Although it resembles its cousins black-eyed Susan and purple coneflower, the gray-headed coneflower has a style all its own. Growing up to five feet tall with a slender form, it has yellow petals that droop downward from a tall, bullet-shaped gray cone of disk flowers. As the cone blooms from the bottom up, its distinctive color gradually changes to brown. The seeds of the cone have a spicy or anise-like aroma when crushed. This perennial grows in full sun and a variety of well-drained soils, and it tolerates heat, drought, seasonal flooding, part shade, and poor soils. Also known as pinnate prairie coneflower, yellow coneflower, and gray head Mexican hat, gray-headed coneflower is a valuable source of food for native bees.
Native habitats include fields, moist or slightly dry prairies, roadsides, and woodland borders. Ideal for roadside plantings, wildlife cover, and prairie restorations. In the home landscape, it’s suitable for cottage and pollinator gardens, water-wise landscapes, rain gardens, and perennial borders.
Grows 3-5’ tall.
Prefers full sun and tolerates part shade.
Tolerates a wide range of moist-to-dry, well-drained soils, including sandy, loamy, and clay.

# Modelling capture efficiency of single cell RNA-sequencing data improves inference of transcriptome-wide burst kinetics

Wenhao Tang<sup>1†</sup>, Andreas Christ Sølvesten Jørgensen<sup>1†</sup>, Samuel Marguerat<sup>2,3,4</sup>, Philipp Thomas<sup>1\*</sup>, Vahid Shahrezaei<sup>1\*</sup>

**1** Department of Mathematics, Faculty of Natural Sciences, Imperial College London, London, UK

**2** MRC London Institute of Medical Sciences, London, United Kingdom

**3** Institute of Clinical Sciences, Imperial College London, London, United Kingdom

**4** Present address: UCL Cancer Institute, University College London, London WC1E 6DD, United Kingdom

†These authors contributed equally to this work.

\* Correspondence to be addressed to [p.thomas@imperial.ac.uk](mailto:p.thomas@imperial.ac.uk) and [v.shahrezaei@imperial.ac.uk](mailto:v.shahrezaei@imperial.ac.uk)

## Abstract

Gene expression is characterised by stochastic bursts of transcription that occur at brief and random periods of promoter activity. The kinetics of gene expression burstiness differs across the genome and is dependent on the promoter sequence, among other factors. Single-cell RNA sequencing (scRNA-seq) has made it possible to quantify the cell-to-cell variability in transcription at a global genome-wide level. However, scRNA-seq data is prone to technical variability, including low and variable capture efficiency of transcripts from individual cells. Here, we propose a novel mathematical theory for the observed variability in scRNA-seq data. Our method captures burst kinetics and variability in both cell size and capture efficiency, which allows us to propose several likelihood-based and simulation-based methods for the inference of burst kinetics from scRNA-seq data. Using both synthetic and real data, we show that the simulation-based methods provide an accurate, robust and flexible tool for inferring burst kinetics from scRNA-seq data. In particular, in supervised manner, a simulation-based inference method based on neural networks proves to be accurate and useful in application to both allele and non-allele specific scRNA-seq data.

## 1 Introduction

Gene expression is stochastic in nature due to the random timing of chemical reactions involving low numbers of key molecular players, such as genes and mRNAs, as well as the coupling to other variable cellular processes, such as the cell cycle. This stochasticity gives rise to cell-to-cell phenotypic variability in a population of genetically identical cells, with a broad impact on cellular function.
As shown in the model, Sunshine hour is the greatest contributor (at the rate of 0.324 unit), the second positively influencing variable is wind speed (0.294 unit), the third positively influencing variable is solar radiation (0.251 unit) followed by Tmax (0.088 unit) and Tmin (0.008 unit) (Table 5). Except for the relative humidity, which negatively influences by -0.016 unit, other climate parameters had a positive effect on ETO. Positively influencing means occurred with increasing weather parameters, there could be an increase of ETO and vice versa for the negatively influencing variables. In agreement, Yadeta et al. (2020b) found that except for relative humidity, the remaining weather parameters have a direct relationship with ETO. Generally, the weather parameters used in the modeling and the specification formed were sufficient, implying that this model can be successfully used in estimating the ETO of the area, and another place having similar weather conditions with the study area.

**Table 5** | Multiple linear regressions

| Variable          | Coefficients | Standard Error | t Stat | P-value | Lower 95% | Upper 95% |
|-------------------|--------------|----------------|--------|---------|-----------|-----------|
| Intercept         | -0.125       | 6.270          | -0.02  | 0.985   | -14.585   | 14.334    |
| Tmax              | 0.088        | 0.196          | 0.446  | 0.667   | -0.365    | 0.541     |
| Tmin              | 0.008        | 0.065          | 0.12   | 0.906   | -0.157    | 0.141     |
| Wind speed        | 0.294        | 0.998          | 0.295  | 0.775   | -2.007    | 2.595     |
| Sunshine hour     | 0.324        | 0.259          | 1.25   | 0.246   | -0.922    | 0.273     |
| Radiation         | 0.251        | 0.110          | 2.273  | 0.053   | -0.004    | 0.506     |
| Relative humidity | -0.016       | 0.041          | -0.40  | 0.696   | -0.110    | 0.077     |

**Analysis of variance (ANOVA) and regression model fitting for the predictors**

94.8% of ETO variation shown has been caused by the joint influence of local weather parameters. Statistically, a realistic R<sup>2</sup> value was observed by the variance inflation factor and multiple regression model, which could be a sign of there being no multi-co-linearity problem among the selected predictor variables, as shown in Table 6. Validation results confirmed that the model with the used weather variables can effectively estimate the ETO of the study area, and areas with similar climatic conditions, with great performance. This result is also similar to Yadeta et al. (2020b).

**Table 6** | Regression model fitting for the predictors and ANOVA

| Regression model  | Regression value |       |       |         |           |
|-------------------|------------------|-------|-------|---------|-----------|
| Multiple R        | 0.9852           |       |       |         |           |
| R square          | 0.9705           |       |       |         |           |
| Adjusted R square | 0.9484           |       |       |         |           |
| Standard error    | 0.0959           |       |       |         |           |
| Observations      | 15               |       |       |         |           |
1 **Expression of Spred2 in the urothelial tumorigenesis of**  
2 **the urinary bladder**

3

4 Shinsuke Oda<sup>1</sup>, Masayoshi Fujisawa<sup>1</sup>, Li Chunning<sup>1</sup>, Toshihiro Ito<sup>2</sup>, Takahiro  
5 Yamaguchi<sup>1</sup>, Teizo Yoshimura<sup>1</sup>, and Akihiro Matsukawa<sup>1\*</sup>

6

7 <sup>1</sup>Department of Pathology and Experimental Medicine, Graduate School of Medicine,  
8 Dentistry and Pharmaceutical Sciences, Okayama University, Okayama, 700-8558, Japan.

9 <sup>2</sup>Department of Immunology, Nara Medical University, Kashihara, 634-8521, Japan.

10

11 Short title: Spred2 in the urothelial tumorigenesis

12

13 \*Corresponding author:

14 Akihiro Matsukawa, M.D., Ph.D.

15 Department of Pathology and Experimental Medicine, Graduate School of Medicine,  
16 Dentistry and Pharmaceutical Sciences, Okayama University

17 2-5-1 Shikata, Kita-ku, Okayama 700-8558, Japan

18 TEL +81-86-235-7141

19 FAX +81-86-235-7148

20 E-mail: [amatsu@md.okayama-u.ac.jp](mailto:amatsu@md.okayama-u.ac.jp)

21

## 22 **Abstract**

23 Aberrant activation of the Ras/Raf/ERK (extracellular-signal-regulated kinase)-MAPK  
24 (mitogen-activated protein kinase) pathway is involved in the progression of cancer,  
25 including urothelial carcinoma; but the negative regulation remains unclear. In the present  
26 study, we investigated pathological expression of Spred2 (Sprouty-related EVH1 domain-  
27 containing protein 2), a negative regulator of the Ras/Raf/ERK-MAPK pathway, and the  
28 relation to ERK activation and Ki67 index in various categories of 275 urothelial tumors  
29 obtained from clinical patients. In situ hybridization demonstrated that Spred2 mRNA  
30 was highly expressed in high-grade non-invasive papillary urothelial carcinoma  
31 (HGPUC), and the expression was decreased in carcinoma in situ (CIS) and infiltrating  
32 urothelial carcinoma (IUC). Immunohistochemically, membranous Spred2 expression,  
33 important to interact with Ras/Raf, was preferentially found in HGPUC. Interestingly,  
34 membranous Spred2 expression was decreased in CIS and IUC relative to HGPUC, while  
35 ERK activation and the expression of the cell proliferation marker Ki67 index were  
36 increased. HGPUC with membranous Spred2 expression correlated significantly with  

Flowers are 3” across and have about 15 drooping yellow ray flowers surrounding a domed, oval cone ¾-1” tall. One or several flowers, each on its own long stalk, may top a single stem. The cone is gray-brown and covered in hundreds of tiny brown disk flowers. Flowers bloom June-August, and then the cone becomes a head of small, brown seeds.
Basal leaves are on long stalks and up to 8” long, deeply divided into 3-7 lance-like lobes. Upper leaves are smaller and often unlobed. Leaves are covered in short hairs. Rough and slightly ridged stem is unbranched except at the top.
A host plant for larvae of silvery checkerspot butterfly (pictured here with its caterpillars, which feed gregariously) and specialists sunflower and Epiblema iowana moths. Wasps, bees, beetles, flies, and butterflies also visit the flowers. Goldfinches eat the seeds.
Medicinal, Edible, and Other Uses:
The cone and leaves have been used to make tea, and the roots to cure toothaches.
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